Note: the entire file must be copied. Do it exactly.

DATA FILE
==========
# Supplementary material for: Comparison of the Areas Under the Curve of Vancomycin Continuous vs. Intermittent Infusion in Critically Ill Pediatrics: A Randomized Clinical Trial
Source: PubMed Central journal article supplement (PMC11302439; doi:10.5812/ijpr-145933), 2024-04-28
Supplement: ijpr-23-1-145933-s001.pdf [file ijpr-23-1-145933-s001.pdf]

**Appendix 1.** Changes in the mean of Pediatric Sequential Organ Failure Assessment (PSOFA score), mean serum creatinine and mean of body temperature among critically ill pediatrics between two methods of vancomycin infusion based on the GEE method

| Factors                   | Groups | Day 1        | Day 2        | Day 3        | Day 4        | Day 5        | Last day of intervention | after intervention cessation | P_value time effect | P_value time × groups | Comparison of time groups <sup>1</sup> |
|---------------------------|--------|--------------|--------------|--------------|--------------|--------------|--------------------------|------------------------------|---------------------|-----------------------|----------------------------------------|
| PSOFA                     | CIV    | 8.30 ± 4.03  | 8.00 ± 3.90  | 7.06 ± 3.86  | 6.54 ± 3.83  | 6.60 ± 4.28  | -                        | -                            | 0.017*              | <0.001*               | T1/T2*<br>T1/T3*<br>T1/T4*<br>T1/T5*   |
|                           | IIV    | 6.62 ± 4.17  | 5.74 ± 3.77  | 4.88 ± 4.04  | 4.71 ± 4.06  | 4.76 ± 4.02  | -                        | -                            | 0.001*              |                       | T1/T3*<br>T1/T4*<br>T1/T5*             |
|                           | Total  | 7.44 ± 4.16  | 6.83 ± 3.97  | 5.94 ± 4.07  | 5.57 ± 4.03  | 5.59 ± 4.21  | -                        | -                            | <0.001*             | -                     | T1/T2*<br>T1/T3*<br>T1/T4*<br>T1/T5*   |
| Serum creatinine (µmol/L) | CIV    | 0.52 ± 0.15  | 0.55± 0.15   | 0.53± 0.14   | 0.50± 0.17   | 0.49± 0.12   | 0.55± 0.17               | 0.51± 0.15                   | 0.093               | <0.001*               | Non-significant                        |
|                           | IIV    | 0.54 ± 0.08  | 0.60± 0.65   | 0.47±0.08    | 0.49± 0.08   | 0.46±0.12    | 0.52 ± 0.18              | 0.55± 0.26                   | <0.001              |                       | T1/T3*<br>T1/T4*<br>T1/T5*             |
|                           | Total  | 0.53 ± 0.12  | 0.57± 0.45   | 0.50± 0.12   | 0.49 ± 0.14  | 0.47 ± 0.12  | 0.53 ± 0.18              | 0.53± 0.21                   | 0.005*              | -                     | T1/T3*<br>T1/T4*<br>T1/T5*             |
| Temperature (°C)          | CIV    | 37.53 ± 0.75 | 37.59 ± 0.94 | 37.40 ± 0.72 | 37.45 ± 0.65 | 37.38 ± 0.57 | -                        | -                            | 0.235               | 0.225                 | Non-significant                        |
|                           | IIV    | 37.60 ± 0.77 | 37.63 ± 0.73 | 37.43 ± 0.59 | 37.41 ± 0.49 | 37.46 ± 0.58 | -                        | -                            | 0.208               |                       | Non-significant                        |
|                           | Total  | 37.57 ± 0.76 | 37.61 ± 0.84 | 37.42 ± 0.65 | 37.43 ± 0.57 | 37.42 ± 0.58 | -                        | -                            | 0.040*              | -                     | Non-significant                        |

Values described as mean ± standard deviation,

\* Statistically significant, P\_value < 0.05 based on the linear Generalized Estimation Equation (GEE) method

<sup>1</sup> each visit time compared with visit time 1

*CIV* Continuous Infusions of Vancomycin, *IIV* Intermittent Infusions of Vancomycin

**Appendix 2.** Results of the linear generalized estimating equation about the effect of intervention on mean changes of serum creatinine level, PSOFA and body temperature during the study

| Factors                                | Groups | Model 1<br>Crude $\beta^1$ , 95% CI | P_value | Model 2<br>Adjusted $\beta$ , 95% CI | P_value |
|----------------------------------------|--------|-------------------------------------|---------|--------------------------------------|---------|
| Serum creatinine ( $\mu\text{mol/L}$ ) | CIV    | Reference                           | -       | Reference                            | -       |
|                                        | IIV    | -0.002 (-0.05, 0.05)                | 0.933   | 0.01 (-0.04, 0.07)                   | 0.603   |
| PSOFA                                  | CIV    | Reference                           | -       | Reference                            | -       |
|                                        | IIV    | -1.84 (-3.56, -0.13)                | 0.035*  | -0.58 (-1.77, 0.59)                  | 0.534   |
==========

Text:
# Supplementary material for: Comparison of the Areas Under the Curve of Vancomycin Continuous vs. Intermittent Infusion in Critically Ill Pediatrics: A Randomized Clinical Trial
Source: PubMed Central journal article supplement (PMC11302439; doi:10.5812/ijpr-145933), 2024-04-28
Supplement: ijpr-23-1-145933-s001.pdf [file ijpr-23-1-145933-s001.pdf]

**Appendix 1.** Changes in the mean of Pediatric Sequential Organ Failure Assessment (PSOFA score), mean serum creatinine and mean of body temperature among critically ill pediatrics between two methods of vancomycin infusion based on the GEE method

| Factors                   | Groups | Day 1        | Day 2        | Day 3        | Day 4        | Day 5        | Last day of intervention | after intervention cessation | P_value time effect | P_value time × groups | Comparison of time groups <sup>1</sup> |
|---------------------------|--------|--------------|--------------|--------------|--------------|--------------|--------------------------|------------------------------|---------------------|-----------------------|----------------------------------------|
| PSOFA                     | CIV    | 8.30 ± 4.03  | 8.00 ± 3.90  | 7.06 ± 3.86  | 6.54 ± 3.83  | 6.60 ± 4.28  | -                        | -                            | 0.017*              | <0.001*               | T1/T2*<br>T1/T3*<br>T1/T4*<br>T1/T5*   |
|                           | IIV    | 6.62 ± 4.17  | 5.74 ± 3.77  | 4.88 ± 4.04  | 4.71 ± 4.06  | 4.76 ± 4.02  | -                        | -                            | 0.001*              |                       | T1/T3*<br>T1/T4*<br>T1/T5*             |
|                           | Total  | 7.44 ± 4.16  | 6.83 ± 3.97  | 5.94 ± 4.07  | 5.57 ± 4.03  | 5.59 ± 4.21  | -                        | -                            | <0.001*             | -                     | T1/T2*<br>T1/T3*<br>T1/T4*<br>T1/T5*   |
| Serum creatinine (µmol/L) | CIV    | 0.52 ± 0.15  | 0.55± 0.15   | 0.53± 0.14   | 0.50± 0.17   | 0.49± 0.12   | 0.55± 0.17               | 0.51± 0.15                   | 0.093               | <0.001*               | Non-significant                        |
|                           | IIV    | 0.54 ± 0.08  | 0.60± 0.65   | 0.47±0.08    | 0.49± 0.08   | 0.46±0.12    | 0.52 ± 0.18              | 0.55± 0.26                   | <0.001              |                       | T1/T3*<br>T1/T4*<br>T1/T5*             |
|                           | Total  | 0.53 ± 0.12  | 0.57± 0.45   | 0.50± 0.12   | 0.49 ± 0.14  | 0.47 ± 0.12  | 0.53 ± 0.18              | 0.53± 0.21                   | 0.005*              | -                     | T1/T3*<br>T1/T4*<br>T1/T5*             |
| Temperature (°C)          | CIV    | 37.53 ± 0.75 | 37.59 ± 0.94 | 37.40 ± 0.72 | 37.45 ± 0.65 | 37.38 ± 0.57 | -                        | -                            | 0.235               | 0.225                 | Non-significant                        |
|                           | IIV    | 37.60 ± 0.77 | 37.63 ± 0.73 | 37.43 ± 0.59 | 37.41 ± 0.49 | 37.46 ± 0.58 | -                        | -                            | 0.208               |                       | Non-significant                        |
|                           | Total  | 37.57 ± 0.76 | 37.61 ± 0.84 | 37.42 ± 0.65 | 37.43 ± 0.57 | 37.42 ± 0.58 | -                        | -                            | 0.040*              | -                     | Non-significant                        |

Values described as mean ± standard deviation,

\* Statistically significant, P\_value < 0.05 based on the linear Generalized Estimation Equation (GEE) method

<sup>1</sup> each visit time compared with visit time 1

*CIV* Continuous Infusions of Vancomycin, *IIV* Intermittent Infusions of Vancomycin

**Appendix 2.** Results of the linear generalized estimating equation about the effect of intervention on mean changes of serum creatinine level, PSOFA and body temperature during the study

| Factors                                | Groups | Model 1<br>Crude $\beta^1$ , 95% CI | P_value | Model 2<br>Adjusted $\beta$ , 95% CI | P_value |
|----------------------------------------|--------|-------------------------------------|---------|--------------------------------------|---------|
| Serum creatinine ( $\mu\text{mol/L}$ ) | CIV    | Reference                           | -       | Reference                            | -       |
|                                        | IIV    | -0.002 (-0.05, 0.05)                | 0.933   | 0.01 (-0.04, 0.07)                   | 0.603   |
| PSOFA                                  | CIV    | Reference                           | -       | Reference                            | -       |
|                                        | IIV    | -1.84 (-3.56, -0.13)                | 0.035*  | -0.58 (-1.77, 0.59)                  | 0.534   |